Medical Professions Resources Directory: Neurologist
How to Become Neurologist
FREE RESOUCES TO CONSUMERS. HISTORY UPDATE:
A neurologist trained to diagnose and treat patients of nervous system disorders, including diseases of the brain, spinal cord nerves, and muscles. A neurologist performs neurological examinations of the nerves of the head and neck; muscle strength and movement; balance, ambulation, and reflexes; and sensation, memory, speech, language and other cognitive abilities. A neurologist can also perform diagnostic tests like CAT (computed axial tomography) scan, MRI/MRA (magnetic resonance imaging/magnetic resonance angiography), lumbar puncture (spinal tap), EEG (electroencephalography), and EMG/NCV (electromyography/nerve conduction velocity).
To become a neurologist you need four years of premedical education in a college or university, four years of medical school resulting in an MD or DO degree, one year internship in either internal medicine or medicine/surgery, at least 3 years of specialty training in an accredited neurology residency program. There is a residency programs accredited by the Accreditation Council for Graduate Medical Education provide supervised experience in hospital and ambulatory care settings as well as educational conferences and research training. After residency training neurologist can enroll in a fellowship program to get more expertise in a sub-specialty like stroke, dementia or movement disorders.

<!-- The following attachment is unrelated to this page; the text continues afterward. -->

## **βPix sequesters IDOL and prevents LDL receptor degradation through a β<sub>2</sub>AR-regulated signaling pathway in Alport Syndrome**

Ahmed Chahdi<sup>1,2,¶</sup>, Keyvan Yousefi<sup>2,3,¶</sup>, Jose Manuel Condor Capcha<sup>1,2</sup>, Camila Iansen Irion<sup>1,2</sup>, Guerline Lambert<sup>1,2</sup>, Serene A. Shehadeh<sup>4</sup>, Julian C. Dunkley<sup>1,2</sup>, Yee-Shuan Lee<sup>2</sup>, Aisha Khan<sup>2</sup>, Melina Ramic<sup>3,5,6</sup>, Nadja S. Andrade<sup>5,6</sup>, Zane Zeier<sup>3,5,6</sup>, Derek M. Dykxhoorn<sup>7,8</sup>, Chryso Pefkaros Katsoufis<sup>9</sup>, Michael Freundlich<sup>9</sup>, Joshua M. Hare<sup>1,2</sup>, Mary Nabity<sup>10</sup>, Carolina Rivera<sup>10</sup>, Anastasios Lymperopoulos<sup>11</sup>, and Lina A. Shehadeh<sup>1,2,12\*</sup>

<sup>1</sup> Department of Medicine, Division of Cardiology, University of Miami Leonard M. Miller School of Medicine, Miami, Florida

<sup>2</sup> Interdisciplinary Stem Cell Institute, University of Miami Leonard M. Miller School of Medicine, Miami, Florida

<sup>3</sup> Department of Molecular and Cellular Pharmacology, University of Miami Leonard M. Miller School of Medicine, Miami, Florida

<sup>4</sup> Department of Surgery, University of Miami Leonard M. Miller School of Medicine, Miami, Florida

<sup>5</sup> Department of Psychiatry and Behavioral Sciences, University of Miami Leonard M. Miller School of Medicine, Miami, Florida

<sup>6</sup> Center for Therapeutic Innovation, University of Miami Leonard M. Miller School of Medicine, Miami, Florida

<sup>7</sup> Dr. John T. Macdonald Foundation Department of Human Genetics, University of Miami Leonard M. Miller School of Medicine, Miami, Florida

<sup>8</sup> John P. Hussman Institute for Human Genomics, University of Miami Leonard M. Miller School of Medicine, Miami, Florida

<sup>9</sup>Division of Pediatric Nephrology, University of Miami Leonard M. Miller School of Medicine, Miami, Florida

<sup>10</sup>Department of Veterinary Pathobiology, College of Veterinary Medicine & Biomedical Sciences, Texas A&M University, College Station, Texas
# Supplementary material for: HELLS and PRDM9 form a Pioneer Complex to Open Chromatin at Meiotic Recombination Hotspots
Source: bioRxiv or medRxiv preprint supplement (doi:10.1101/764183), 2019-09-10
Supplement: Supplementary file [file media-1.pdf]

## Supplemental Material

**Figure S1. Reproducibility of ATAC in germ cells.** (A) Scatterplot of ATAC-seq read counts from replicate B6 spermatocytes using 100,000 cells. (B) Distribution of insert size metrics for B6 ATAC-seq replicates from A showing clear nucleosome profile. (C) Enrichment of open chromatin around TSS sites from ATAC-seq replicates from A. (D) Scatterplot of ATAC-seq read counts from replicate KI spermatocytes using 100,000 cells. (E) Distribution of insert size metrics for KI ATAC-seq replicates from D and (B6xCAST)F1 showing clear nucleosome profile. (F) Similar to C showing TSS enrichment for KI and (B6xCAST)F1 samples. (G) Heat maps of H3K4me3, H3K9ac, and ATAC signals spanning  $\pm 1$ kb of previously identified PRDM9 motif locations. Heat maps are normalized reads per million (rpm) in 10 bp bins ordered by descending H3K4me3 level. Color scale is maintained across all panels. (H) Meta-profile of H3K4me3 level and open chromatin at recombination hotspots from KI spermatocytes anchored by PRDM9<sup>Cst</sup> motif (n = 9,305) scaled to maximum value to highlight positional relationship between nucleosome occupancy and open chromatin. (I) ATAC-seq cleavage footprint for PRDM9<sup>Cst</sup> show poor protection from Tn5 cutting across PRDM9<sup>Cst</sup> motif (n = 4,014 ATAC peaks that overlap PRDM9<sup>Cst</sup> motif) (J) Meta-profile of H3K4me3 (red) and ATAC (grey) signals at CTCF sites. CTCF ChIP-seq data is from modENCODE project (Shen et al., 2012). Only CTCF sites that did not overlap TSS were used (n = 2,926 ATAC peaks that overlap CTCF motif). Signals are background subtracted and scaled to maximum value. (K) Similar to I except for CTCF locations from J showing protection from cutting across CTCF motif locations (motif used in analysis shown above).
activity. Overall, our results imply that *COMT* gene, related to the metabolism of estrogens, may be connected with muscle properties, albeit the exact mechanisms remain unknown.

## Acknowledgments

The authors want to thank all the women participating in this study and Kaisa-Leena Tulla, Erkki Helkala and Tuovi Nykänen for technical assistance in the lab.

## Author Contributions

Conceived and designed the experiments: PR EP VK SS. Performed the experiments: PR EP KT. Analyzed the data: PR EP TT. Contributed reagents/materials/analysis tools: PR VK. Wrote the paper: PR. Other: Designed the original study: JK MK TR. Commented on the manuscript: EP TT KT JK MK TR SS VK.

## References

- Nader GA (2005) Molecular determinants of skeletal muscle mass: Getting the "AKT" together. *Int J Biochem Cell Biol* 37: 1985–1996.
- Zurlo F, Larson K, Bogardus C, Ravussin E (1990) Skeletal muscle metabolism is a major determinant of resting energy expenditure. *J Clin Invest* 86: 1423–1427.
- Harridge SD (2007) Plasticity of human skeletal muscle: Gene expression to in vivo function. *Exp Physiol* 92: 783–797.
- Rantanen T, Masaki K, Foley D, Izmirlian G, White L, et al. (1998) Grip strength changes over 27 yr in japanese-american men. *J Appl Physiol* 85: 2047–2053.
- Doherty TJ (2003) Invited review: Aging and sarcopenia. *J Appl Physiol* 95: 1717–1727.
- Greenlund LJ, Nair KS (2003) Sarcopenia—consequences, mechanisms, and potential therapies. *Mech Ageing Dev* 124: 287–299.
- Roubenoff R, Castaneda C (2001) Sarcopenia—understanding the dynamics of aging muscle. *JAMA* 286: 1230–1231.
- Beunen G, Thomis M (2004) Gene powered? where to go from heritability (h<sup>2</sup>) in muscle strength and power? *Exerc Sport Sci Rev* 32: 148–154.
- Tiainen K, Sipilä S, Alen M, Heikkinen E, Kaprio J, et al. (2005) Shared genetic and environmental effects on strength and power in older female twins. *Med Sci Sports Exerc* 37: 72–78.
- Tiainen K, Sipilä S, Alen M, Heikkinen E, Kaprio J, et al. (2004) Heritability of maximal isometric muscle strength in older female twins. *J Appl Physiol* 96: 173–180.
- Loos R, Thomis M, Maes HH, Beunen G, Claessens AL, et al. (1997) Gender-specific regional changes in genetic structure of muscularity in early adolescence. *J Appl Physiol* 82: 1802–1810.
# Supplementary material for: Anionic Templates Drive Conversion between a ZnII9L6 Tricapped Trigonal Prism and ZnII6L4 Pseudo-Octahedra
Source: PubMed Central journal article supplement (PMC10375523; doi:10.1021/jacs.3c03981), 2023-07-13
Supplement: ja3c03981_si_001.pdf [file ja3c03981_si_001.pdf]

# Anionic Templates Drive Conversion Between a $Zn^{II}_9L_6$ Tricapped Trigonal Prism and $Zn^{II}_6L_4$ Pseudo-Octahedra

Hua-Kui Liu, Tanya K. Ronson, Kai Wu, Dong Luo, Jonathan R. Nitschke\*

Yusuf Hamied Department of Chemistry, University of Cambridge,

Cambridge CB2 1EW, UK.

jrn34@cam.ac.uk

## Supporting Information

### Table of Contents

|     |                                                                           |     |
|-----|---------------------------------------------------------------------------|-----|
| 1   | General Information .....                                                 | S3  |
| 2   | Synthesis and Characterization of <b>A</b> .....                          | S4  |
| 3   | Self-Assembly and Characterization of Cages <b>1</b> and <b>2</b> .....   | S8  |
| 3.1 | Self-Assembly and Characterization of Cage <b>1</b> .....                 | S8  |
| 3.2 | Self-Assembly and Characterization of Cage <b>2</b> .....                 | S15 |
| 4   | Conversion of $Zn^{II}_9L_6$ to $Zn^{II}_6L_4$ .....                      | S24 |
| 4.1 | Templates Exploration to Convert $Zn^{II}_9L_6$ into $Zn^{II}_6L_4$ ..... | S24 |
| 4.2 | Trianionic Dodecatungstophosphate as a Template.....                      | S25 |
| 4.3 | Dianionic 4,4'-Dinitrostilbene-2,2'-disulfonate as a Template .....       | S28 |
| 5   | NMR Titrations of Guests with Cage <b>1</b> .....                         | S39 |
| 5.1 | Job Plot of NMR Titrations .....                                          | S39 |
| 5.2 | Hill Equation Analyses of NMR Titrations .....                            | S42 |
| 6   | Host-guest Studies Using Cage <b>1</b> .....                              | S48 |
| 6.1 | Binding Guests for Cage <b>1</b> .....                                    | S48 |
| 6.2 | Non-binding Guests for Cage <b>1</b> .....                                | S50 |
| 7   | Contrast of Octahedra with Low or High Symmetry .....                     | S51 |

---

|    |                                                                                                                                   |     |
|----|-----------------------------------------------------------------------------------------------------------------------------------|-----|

Medical doctors can then seek certification from the American Board of Psychiatry and Neurology (ABPN), a member of the American Board of Medical Specialties (ABMS). You need to have an unrestricted state license to practice medicine, complete the required years of residency, and successfully pass both a written and oral exam administered by the ABPN.
To get a certification by the American Board of Osteopathic Neurologists and Psychiatrists requires a high degree of competency in the practice of neurology at the time of certification. To get the certification you need to have gradate from approved college of osteopathic medicine, have an unrestricted state license, meet ethical standards established by the American Osteopathic Association, and be an active member of the American or Canadian Osteopathic Association for 2 years prior to certification.
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